Apropos of Nothing II:

A periodic series in which I practice irrelevancy, but hopefully not boringness (if you want that, go here), and numbering with Roman Numerals. Can you ever get enough practice at that?

Just so you know, don’t expect any sage advice, or morals to these stories (unless of course you want to provide a moral in the comments!), mostly me probably embarrassing myself. Enjoy.

The That’s Not a Pen Edition

Don’t let the name fool you, Crystal City, Virginia isn’t really a city.  Just South of the Pentagon, it’s populated by high rises, all interconnected underground, and teeming with defense contractors. The people spend their days in the hermetically sealed air-conditioned buildings.  A cross section would look like an elaborate granite and steel ant farm. Which didn’t really matter because, as far as I could tell in 1987, hardly anyone actually lived there.  The tens of thousands that arrived each weekday morning for work, left for their real towns and real homes, soon after the bars closed down the free happy hour buffets each evening.

I had nailed a waitressing position at the Crystal City Marriott to pay for my stay that summer in Washington, D.C.  It was the summer of the cicada on the east coast, and my first full summer away from home in Oregon.  I just turned 20 and had been away to school in California for two years, but I’d always returned to the security of home each vacation.  Now, I was renting a house in Arlington with one old friend and two new ones, and working in Crystal City, a bus transfer and metro ride away.

The big money was in dinners where the tabs were higher, and money flowed freely from expense accounts, but I was scheduled for lunches.  The work was fast-paced yet uncomplicated, if you worked hard you could make decent money.

These lunch guys, and they were mostly men, were on a tight timeframe, so you could turn over tables quickly, and they were, most of them anyway, decent tippers.   Occasionally though they’d leave you a Denny’s Sweep – just a few coins that you had to sweep off the edge of the table with one hand into the outstretched palm of the other.

The restaurant staff was like a mini-United Nations.  Two of the other waitresses and the bartender were Ethiopian, the manager was Iranian, one busboy was Afghani, another Thai.  There were workers from Bangladesh, Peru and many other parts of the world.  The funny thing was they thought I was exotic because I had been living in California.

As the summer wore on, the days blended into one another, unremarkable.  The suits started arriving around eleven and the last left at about two in the afternoon.

One day, I had a difficult section, with a large six-top and a half a dozen deuces.  Between requests for ketchup, iced tea refills and making change, it seemed I was running more than normal.  Maybe it was just that I was grumpy with cramps and had to go to the bathroom.  Usually, I’d try to go before the lunch rush, and not again until after things had slowed down, but I wasn’t going to be able to wait.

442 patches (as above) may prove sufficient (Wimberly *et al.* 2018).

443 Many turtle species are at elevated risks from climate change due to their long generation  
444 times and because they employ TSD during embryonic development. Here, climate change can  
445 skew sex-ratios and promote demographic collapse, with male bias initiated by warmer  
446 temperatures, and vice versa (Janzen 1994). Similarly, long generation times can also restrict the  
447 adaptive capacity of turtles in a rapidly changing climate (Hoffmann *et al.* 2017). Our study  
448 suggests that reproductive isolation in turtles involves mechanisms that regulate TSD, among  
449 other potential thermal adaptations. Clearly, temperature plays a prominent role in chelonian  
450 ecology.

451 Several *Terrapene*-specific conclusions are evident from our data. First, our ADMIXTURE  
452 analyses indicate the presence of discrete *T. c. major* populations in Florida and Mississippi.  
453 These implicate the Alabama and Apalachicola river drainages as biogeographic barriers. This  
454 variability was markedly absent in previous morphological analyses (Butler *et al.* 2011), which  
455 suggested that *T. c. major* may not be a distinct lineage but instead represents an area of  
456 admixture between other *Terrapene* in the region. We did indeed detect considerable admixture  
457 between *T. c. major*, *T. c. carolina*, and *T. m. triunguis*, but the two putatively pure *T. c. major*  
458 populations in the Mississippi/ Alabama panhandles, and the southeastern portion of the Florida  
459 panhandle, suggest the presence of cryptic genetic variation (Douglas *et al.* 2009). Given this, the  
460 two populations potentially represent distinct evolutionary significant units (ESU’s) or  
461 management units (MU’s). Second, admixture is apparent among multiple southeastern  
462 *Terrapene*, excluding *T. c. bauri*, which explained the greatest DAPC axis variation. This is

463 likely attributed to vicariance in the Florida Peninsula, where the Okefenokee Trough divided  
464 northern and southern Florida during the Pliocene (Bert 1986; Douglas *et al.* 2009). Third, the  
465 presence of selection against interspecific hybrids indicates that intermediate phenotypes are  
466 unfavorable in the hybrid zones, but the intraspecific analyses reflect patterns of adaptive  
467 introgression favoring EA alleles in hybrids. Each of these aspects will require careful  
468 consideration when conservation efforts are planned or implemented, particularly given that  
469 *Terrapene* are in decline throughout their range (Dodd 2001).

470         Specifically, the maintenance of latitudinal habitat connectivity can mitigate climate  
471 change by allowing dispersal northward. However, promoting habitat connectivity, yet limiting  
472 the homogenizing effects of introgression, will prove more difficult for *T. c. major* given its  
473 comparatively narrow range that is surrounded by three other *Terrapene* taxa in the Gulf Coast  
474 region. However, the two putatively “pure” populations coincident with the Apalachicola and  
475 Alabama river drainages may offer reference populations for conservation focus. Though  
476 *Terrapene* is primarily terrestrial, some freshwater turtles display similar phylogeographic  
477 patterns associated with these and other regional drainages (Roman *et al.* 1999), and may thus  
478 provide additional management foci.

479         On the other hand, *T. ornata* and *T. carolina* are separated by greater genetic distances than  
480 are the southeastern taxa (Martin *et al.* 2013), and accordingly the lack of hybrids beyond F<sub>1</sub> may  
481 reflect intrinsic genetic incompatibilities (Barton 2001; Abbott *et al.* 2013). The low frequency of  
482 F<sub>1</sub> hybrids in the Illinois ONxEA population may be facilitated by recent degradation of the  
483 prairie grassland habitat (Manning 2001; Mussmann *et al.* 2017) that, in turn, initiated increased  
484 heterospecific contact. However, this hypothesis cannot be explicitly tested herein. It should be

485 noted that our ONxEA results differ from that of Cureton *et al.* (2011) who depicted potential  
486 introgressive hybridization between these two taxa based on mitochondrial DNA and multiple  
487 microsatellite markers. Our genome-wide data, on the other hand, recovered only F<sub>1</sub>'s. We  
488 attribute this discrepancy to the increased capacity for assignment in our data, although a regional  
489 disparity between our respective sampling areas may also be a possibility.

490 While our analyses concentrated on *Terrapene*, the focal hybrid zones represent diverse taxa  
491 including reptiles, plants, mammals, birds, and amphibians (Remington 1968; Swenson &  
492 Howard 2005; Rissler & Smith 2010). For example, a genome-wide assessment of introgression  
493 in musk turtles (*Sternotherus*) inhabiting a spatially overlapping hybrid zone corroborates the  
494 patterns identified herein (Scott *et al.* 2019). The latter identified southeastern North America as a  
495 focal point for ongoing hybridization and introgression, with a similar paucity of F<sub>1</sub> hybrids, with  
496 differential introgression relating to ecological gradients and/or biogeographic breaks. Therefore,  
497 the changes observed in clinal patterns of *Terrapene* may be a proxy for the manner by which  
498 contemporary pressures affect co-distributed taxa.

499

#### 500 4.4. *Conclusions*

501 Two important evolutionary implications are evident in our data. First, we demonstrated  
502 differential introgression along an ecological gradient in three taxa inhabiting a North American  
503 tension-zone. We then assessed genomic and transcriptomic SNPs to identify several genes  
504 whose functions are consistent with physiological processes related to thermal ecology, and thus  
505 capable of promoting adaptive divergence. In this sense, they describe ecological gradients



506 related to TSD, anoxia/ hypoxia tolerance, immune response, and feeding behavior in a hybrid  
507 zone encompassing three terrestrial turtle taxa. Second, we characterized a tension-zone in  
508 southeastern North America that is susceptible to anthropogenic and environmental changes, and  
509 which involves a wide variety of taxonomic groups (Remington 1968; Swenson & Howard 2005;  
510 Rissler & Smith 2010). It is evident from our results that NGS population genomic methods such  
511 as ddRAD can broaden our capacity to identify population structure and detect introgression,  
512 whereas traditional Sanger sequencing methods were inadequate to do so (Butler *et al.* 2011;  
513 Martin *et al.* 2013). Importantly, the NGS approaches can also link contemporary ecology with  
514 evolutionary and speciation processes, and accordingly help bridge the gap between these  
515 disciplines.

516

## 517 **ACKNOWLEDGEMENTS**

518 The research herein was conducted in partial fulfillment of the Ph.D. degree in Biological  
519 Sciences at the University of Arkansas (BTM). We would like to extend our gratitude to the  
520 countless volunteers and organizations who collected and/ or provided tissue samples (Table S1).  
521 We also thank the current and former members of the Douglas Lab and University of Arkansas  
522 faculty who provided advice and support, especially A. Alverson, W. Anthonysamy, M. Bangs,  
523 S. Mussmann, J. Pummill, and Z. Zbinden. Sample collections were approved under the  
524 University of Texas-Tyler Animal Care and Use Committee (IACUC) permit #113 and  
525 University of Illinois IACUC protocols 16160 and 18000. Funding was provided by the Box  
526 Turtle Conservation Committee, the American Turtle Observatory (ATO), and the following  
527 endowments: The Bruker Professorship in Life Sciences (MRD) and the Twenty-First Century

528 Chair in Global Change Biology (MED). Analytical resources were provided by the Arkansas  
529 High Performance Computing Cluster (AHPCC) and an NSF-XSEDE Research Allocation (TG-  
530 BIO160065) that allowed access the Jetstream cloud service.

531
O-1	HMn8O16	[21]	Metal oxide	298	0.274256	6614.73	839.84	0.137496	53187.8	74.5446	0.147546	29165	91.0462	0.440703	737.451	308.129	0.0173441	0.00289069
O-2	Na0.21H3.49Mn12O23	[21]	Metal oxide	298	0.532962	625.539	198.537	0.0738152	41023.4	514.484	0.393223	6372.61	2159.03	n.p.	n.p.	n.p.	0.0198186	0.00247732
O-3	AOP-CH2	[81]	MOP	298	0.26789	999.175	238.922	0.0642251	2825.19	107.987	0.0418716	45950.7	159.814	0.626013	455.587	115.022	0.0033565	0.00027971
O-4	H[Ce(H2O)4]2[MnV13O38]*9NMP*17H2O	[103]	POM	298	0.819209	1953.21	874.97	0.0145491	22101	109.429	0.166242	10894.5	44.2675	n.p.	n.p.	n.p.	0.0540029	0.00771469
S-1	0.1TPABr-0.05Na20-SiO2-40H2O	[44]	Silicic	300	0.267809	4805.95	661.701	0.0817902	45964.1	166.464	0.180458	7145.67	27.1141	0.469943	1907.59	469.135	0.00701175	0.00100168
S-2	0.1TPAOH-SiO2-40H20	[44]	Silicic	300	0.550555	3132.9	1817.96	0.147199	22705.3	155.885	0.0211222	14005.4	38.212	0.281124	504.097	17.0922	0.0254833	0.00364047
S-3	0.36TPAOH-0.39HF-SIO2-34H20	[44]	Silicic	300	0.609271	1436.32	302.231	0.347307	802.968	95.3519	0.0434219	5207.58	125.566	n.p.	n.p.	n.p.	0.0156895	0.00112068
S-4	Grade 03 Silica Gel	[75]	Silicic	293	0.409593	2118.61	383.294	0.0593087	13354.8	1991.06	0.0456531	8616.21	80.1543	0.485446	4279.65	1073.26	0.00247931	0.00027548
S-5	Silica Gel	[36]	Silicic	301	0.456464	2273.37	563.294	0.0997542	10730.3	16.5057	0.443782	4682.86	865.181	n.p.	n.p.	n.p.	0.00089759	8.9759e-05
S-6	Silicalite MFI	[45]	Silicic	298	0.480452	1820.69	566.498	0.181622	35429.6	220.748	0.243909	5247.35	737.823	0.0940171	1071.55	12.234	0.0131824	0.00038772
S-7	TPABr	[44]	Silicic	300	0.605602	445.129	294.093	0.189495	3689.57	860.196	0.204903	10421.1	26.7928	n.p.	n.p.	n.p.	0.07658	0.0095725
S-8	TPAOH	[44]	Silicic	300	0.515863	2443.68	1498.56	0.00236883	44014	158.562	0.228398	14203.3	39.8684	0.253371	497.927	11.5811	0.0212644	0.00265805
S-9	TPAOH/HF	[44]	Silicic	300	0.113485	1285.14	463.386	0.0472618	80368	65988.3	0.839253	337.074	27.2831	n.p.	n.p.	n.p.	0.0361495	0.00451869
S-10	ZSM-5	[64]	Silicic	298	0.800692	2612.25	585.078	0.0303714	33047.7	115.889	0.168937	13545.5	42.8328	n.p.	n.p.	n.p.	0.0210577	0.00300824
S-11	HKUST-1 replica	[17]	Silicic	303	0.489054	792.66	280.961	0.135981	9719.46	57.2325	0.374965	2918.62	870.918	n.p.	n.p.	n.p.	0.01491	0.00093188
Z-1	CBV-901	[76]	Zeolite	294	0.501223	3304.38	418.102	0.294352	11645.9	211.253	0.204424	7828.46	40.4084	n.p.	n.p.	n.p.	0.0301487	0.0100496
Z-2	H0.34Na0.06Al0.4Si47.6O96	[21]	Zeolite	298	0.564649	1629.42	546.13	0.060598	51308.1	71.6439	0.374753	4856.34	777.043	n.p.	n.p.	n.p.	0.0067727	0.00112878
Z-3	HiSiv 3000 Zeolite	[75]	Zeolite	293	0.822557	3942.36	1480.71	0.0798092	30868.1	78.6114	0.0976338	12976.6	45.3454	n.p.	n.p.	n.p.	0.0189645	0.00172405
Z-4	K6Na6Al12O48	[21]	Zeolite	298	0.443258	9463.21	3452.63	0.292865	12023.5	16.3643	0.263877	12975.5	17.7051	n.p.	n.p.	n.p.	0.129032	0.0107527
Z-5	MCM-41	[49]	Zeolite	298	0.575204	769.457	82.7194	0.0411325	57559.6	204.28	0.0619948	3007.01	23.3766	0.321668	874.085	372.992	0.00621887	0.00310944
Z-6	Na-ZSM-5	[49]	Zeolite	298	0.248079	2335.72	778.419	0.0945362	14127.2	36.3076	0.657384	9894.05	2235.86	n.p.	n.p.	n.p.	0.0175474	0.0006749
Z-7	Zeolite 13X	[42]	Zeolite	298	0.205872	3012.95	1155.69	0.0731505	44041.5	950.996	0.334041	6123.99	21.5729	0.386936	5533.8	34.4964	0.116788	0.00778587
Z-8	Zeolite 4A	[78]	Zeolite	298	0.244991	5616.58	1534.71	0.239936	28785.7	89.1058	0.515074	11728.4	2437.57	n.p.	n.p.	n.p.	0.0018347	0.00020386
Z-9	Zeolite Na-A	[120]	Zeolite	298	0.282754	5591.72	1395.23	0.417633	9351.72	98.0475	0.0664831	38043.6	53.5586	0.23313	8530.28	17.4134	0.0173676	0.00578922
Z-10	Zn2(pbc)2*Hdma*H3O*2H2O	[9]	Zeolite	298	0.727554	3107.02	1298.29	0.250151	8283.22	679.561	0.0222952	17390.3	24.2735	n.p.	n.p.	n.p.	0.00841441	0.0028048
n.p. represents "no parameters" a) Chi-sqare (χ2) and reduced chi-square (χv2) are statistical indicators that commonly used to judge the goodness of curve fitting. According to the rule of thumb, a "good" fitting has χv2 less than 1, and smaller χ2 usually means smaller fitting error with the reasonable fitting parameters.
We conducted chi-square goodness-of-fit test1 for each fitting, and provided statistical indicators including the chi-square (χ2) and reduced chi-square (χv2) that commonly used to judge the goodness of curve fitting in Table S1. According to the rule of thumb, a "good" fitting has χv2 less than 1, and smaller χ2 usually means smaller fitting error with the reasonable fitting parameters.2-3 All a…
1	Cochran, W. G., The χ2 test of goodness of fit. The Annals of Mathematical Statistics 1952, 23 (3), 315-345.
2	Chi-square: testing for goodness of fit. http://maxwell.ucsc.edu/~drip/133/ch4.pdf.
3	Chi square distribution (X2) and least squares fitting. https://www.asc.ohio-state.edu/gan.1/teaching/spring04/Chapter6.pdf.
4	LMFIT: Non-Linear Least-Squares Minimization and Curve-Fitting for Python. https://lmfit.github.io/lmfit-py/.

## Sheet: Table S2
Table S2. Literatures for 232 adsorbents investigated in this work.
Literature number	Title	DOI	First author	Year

On my way out the door, a gentleman from the six-top waved me over.

Oh for God’s sake, this better be important, I’m about to pee my pants.

He was sitting at a table of clones.  Six professional men in their mid-forties, with short dark hair, and dark, slightly rumpled suits.  Only their ties were subtly different from one another.

“This pen doesn’t work,” he said shaking it back and forth in the universal gesture of pens with no ink.

“Oh sorry,” I mumbled, willing my bladder to remain crimped shut.

I handed him another pen from my apron pocket and waited for him to take it so I could get to the bathroom.  He didn’t.  I shifted my weight, and restrained myself from throwing the pen at him and running for the bathroom.

I looked at him, and then at each of the men.  They all were staring at my hand.  I followed their eyes and saw that I wasn’t offering him a pen, but instead my Super Plus for heavy flow days Tampax brand tampon.  It felt 20 degrees warmer as a bright red flush of embarrassment filled my face.

“Uhhhh, that’s not going to work, is it,” I finally blurted, handing him a real pen from my pocket.  I turned and quickly made my way to the bathroom. I hid out as long as I could, but soon the need to earn tips from the other tables outweighed my mortification at having to face the six businessmen and my co-workers and I left the safety of the bathroom.

When I walked back into the restaurant, I did so at a slight angle, turned enough that I didn’t have to look at the table but could see it in my peripheral vision.  It was empty, and had been re-set already.  Next possible crisis averted, they were gone.

“Congratulations!” shouted the manager. Oh great, let the teasing begin.

“What?  Why?” I said a forced smile appearing on my face.

“You must have given those guys some great service, because this is the single-largest tip anyone has ever received here,” he said, thrusting the credit card receipt in my face.  Apparently the men had felt the best way to assuage everyone’s embarrassment was to give me an outrageous tip.

My hourly pay average just skyrocketed.  It was almost enough to make me want to carry a tampon in my apron pocket at all times.  Just in case.

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